Published in the Journal of Aggression, Maltreatment & Trauma (October 2013). The article outlines how participation operated as a central organising concept in an intervention with war-affected young mothers and their children. It may be of interest to those engaged in psychosocial programming, therapeutic groupwork, livelihoods, drama, empowerment, children, gender and human rights. 

Full text is available on  http://www.tandfonline.com/eprint/WzUqgyJuSQa5mTjH46qs/full 

ucc-lp-small-iris

Emma Hurley, Postgraduate Researcher at the School of Applied Psychology

Congratulations to our postgraduate researcher Emma Hurley, who was awarded an Erasmus Grant to conduct part of her research in the Netherlands. Gefeliciteerd Emma!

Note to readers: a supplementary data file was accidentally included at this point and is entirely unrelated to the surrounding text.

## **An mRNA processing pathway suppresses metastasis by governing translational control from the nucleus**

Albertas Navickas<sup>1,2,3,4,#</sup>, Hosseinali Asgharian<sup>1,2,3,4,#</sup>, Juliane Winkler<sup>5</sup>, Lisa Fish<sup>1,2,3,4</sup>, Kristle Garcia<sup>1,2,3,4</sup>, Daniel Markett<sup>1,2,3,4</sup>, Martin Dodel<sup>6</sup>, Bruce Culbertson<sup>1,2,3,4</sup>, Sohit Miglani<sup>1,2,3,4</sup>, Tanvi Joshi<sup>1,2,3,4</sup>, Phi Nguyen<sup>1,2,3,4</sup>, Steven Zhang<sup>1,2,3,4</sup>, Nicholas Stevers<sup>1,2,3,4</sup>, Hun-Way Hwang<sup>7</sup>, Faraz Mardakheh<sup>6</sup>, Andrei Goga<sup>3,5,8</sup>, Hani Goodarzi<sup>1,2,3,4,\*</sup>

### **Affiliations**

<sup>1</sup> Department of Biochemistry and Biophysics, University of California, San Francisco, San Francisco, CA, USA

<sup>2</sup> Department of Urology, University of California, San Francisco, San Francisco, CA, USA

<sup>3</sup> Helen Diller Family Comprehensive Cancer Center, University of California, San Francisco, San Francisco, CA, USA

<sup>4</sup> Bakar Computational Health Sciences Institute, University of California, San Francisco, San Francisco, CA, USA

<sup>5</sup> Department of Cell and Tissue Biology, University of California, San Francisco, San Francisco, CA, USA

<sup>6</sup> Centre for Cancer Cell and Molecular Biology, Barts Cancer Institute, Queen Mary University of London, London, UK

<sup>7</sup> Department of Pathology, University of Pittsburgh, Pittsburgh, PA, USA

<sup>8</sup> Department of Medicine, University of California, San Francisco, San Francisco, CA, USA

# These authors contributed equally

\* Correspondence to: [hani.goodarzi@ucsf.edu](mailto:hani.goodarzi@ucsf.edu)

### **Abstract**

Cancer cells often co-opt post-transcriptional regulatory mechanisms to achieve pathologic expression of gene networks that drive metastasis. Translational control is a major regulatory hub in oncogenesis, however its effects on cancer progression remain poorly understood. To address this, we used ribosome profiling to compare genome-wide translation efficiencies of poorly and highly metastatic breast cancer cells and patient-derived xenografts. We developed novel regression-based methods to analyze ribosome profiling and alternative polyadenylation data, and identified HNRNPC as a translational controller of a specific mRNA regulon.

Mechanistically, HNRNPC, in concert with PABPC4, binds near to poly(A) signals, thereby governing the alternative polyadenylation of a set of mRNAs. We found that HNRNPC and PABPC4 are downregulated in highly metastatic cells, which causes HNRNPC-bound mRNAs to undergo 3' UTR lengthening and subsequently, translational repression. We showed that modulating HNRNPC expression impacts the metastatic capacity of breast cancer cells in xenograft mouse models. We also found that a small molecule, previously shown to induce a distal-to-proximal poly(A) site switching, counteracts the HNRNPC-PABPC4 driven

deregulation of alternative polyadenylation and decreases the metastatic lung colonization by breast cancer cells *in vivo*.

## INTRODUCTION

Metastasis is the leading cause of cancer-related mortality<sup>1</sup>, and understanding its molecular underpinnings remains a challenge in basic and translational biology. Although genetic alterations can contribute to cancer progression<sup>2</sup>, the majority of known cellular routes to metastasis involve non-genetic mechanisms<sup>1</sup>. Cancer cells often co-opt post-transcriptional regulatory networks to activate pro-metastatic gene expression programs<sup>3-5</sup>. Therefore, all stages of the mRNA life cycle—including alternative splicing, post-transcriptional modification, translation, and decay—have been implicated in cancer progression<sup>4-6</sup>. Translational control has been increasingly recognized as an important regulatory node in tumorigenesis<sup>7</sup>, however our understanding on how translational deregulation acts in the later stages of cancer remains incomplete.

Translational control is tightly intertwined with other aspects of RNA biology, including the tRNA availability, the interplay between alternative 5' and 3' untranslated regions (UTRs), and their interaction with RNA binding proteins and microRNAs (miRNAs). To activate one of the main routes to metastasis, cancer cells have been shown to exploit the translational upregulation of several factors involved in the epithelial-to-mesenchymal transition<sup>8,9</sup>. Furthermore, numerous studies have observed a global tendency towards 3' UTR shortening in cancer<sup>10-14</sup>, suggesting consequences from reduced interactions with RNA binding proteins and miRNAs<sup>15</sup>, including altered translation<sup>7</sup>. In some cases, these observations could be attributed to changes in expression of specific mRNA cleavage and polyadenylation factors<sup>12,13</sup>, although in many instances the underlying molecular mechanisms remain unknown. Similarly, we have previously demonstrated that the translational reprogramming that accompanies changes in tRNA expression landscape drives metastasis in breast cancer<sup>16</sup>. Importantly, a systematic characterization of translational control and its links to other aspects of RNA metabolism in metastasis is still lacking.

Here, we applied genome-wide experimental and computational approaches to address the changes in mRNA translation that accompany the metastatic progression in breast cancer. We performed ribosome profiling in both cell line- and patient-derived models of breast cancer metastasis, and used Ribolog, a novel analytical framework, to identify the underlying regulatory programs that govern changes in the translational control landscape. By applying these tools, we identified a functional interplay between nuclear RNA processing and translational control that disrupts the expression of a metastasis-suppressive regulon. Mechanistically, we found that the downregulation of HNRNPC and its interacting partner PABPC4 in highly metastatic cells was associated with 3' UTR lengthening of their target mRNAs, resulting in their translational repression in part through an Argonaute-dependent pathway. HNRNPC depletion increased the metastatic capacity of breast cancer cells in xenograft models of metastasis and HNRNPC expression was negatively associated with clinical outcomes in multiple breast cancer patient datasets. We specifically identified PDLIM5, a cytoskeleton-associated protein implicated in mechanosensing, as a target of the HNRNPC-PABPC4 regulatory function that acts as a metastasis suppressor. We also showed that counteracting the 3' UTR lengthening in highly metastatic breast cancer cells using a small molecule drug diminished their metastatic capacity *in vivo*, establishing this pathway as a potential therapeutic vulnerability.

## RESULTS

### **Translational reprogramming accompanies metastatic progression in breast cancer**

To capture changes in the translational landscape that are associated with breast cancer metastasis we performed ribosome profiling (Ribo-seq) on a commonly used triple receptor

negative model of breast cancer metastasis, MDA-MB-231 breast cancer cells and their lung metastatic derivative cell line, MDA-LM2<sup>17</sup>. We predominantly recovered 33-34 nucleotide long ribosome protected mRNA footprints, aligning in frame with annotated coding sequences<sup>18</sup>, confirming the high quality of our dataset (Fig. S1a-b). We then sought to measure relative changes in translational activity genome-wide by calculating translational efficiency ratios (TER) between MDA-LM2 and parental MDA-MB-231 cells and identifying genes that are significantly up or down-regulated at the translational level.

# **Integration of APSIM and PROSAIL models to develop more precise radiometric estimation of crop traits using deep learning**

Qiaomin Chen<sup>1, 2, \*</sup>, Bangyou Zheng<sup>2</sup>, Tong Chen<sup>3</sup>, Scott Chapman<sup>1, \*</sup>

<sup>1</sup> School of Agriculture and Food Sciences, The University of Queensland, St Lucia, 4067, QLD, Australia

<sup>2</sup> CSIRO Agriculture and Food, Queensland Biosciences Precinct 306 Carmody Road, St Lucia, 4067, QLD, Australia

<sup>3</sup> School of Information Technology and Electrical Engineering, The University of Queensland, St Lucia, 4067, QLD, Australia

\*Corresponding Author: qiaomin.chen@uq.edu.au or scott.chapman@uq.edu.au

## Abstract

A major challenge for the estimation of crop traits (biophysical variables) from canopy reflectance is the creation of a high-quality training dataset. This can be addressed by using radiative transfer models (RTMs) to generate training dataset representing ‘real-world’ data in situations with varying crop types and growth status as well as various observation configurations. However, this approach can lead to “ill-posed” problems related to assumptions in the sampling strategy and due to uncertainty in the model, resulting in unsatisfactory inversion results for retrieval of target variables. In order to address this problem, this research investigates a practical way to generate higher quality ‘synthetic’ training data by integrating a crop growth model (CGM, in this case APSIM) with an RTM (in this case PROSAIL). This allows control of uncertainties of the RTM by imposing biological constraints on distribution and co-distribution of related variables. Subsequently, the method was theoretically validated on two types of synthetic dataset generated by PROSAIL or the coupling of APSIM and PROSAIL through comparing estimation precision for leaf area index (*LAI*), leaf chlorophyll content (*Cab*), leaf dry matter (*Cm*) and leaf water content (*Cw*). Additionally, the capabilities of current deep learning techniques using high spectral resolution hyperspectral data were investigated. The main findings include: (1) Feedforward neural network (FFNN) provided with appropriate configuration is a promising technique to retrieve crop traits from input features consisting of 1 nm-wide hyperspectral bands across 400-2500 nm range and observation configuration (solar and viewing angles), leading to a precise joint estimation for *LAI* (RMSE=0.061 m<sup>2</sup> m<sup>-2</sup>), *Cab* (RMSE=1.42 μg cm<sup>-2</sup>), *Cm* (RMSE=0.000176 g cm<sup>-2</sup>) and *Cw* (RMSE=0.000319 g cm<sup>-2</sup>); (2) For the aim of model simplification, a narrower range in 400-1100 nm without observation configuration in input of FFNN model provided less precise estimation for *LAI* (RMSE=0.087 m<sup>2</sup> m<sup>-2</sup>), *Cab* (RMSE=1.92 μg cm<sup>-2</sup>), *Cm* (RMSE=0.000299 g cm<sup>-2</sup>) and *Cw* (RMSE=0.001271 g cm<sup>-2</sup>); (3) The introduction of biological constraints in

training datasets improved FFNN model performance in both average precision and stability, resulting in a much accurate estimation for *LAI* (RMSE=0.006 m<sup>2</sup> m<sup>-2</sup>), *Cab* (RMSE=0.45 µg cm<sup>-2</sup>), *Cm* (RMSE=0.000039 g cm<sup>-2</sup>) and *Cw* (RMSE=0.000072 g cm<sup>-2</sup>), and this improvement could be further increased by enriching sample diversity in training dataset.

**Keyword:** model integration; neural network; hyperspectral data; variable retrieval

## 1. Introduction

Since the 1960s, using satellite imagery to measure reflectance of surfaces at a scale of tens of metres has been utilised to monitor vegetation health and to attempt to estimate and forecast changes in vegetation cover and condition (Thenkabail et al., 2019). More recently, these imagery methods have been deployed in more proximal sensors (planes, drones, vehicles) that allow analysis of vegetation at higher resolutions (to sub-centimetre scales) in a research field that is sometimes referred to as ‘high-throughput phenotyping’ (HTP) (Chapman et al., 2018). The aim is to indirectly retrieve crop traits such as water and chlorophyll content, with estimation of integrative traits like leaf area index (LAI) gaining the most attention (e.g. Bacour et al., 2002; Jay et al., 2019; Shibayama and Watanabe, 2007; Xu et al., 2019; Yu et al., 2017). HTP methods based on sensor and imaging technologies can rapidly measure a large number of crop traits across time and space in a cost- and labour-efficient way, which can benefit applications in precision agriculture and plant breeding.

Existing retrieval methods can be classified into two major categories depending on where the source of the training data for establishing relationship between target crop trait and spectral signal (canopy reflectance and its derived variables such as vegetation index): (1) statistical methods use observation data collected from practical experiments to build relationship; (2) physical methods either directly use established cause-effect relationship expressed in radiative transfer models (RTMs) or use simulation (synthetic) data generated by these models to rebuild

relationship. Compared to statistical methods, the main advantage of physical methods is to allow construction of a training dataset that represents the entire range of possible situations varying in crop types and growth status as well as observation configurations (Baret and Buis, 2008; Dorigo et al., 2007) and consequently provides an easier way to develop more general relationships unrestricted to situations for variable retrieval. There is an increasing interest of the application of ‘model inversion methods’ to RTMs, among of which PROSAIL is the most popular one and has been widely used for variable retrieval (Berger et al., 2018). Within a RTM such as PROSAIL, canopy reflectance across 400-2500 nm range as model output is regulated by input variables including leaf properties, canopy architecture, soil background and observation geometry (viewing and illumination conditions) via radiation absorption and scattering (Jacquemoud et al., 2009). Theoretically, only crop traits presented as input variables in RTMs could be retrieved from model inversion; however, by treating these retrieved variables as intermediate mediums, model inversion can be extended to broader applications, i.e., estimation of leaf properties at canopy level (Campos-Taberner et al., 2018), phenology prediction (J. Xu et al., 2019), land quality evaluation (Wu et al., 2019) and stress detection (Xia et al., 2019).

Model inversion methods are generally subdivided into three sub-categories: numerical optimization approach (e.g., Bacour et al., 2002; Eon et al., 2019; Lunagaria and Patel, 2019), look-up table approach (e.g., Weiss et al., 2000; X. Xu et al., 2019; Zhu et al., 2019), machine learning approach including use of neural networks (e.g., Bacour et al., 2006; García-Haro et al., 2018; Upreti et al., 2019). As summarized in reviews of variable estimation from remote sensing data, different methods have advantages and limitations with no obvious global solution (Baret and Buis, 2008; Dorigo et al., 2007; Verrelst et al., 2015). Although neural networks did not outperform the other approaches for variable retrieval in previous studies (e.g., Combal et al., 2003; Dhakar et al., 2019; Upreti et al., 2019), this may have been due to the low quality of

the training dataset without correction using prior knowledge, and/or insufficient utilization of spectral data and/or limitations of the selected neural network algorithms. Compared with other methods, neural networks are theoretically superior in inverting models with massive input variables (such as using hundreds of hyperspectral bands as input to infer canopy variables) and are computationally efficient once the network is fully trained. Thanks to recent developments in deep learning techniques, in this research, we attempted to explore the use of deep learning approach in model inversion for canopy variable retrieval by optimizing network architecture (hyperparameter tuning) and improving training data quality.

http://research.ucc.ie/profiles/A011/emmahurley/new 

 

 

Karen O Leary  

Dr. Karen O'Leary

Researcher at the School of Applied Psychology.

Dr. Karen O Leary presented her research at the Annual Conference of the BPS Division of Health Psychology. 

 

Karen’s presentation, entitled ‘Measuring the Positive in Pregnancy’, involved the development of a pregnancy-specific gratitude scale and evaluation of the Mindfulness Awareness Attention Scale during pregnancy. Development and evaluation of such scales facilitates a balanced and rigorous approach to factors influencing positive well-being during pregnancy. It also enables robust evaluation of the efficacy of interventions designed to foster and maintain prenatal well-being. 

Collage-Ireland

U.C.C. to play a central role in an effort to add two years of life to each citizen by 2020.